In that case, you must define one or more aliases for those settings modules under [settings] in your scrapy.cfg file:

  1. [settings]
  2. default = myproject1.settings
  3. project1 = myproject1.settings
  4. project2 = myproject2.settings

By default, the scrapy command-line tool will use the default settings. Use the SCRAPY_PROJECT environment variable to specify a different project for scrapy to use:

  1. $ scrapy settings --get BOT_NAME
  2. Project 1 Bot
  3. $ export SCRAPY_PROJECT=project2
  4. $ scrapy settings --get BOT_NAME
  5. Project 2 Bot

Using the scrapy tool

You can start by running the Scrapy tool with no arguments and it will print some usage help and the available commands:

  1. Scrapy X.Y - no active project
  2. Usage:
  3. scrapy <command> [options] [args]
  4. Available commands:
  5. crawl Run a spider
  6. fetch Fetch a URL using the Scrapy downloader
  7. [...]

The first line will print the currently active project if you’re inside a Scrapy project. In this example it was run from outside a project. If run from inside a project it would have printed something like this:

  1. Scrapy X.Y - project: myproject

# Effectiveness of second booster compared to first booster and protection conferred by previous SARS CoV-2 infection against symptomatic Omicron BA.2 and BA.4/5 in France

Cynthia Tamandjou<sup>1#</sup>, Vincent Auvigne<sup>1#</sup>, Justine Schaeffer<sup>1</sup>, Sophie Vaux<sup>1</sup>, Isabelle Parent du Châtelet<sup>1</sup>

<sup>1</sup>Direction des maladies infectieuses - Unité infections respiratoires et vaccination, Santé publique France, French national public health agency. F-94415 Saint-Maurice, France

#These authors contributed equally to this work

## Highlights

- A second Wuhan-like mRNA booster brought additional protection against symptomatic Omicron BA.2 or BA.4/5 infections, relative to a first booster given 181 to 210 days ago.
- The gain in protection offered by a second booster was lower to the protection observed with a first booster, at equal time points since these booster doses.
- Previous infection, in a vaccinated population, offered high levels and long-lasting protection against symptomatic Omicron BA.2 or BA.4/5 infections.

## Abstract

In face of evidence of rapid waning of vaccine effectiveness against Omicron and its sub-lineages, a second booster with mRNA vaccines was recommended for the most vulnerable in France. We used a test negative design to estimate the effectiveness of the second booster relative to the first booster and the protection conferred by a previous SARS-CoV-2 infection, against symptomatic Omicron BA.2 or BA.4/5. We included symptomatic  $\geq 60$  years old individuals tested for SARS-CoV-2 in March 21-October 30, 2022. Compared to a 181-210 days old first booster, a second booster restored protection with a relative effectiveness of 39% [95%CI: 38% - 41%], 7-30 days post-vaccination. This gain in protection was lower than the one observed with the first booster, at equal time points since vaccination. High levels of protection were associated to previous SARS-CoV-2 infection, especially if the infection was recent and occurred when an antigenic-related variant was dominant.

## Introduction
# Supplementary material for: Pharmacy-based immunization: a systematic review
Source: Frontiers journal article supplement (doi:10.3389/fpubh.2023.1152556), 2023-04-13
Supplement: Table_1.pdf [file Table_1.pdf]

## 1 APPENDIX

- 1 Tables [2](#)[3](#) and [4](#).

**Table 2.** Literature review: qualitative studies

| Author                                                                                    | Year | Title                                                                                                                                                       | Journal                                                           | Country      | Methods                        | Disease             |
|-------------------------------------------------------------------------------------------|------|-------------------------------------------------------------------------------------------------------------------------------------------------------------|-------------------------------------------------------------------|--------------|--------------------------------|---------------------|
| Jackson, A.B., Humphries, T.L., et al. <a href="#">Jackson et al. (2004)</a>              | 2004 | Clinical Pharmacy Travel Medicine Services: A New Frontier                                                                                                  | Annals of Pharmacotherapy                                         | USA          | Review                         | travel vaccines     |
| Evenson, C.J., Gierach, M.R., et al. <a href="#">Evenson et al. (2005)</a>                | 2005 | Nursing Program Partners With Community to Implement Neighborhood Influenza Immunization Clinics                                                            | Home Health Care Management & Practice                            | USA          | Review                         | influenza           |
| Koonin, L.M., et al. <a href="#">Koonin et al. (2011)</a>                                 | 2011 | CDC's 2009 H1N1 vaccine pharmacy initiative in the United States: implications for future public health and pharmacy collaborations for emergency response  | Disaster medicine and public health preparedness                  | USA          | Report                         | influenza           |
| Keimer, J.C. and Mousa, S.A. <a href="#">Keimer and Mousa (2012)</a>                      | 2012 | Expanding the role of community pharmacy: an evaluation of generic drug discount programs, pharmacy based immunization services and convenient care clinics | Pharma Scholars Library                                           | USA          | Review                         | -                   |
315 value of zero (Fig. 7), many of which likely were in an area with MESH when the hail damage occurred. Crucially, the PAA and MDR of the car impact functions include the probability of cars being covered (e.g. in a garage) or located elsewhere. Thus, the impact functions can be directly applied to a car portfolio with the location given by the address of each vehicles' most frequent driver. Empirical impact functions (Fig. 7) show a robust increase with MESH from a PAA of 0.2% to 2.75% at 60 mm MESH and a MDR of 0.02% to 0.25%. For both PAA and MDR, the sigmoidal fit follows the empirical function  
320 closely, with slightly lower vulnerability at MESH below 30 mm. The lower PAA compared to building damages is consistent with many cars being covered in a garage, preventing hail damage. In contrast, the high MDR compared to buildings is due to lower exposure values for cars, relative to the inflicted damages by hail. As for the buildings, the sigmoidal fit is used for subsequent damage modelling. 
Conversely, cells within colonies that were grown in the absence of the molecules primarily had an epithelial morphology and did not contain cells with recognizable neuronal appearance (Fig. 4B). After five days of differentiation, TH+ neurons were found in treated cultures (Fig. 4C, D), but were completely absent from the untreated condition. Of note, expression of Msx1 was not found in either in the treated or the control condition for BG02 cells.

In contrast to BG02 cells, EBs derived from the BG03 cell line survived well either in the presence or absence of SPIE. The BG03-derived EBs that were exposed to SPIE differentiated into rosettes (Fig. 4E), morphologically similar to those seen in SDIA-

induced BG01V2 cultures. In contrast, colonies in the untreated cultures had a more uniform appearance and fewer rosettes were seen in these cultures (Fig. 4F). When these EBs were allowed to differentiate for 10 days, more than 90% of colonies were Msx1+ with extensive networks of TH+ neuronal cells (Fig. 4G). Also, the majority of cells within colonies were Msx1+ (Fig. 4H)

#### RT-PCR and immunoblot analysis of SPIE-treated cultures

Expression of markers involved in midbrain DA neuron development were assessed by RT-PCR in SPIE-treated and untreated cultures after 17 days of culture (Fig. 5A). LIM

2. Usage:
  3. scrapy <command> [options] [args]
  4. [...]

Creating projects

The first thing you typically do with the scrapy tool is create your Scrapy project:

  1. scrapy startproject myproject [project_dir]

That will create a Scrapy project under the project_dir directory. If project_dir wasn’t specified, project_dir will be the same as myproject.

Next, you go inside the new project directory:

  1. cd project_dir

And you’re ready to use the scrapy command to manage and control your project from there.

Controlling projects

You use the scrapy tool from inside your projects to control and manage them.

For example, to create a new spider:

  1. scrapy genspider mydomain

Some Scrapy commands (like crawl) must be run from inside a Scrapy project. See the commands reference below for more information on which commands must be run from inside projects, and which not.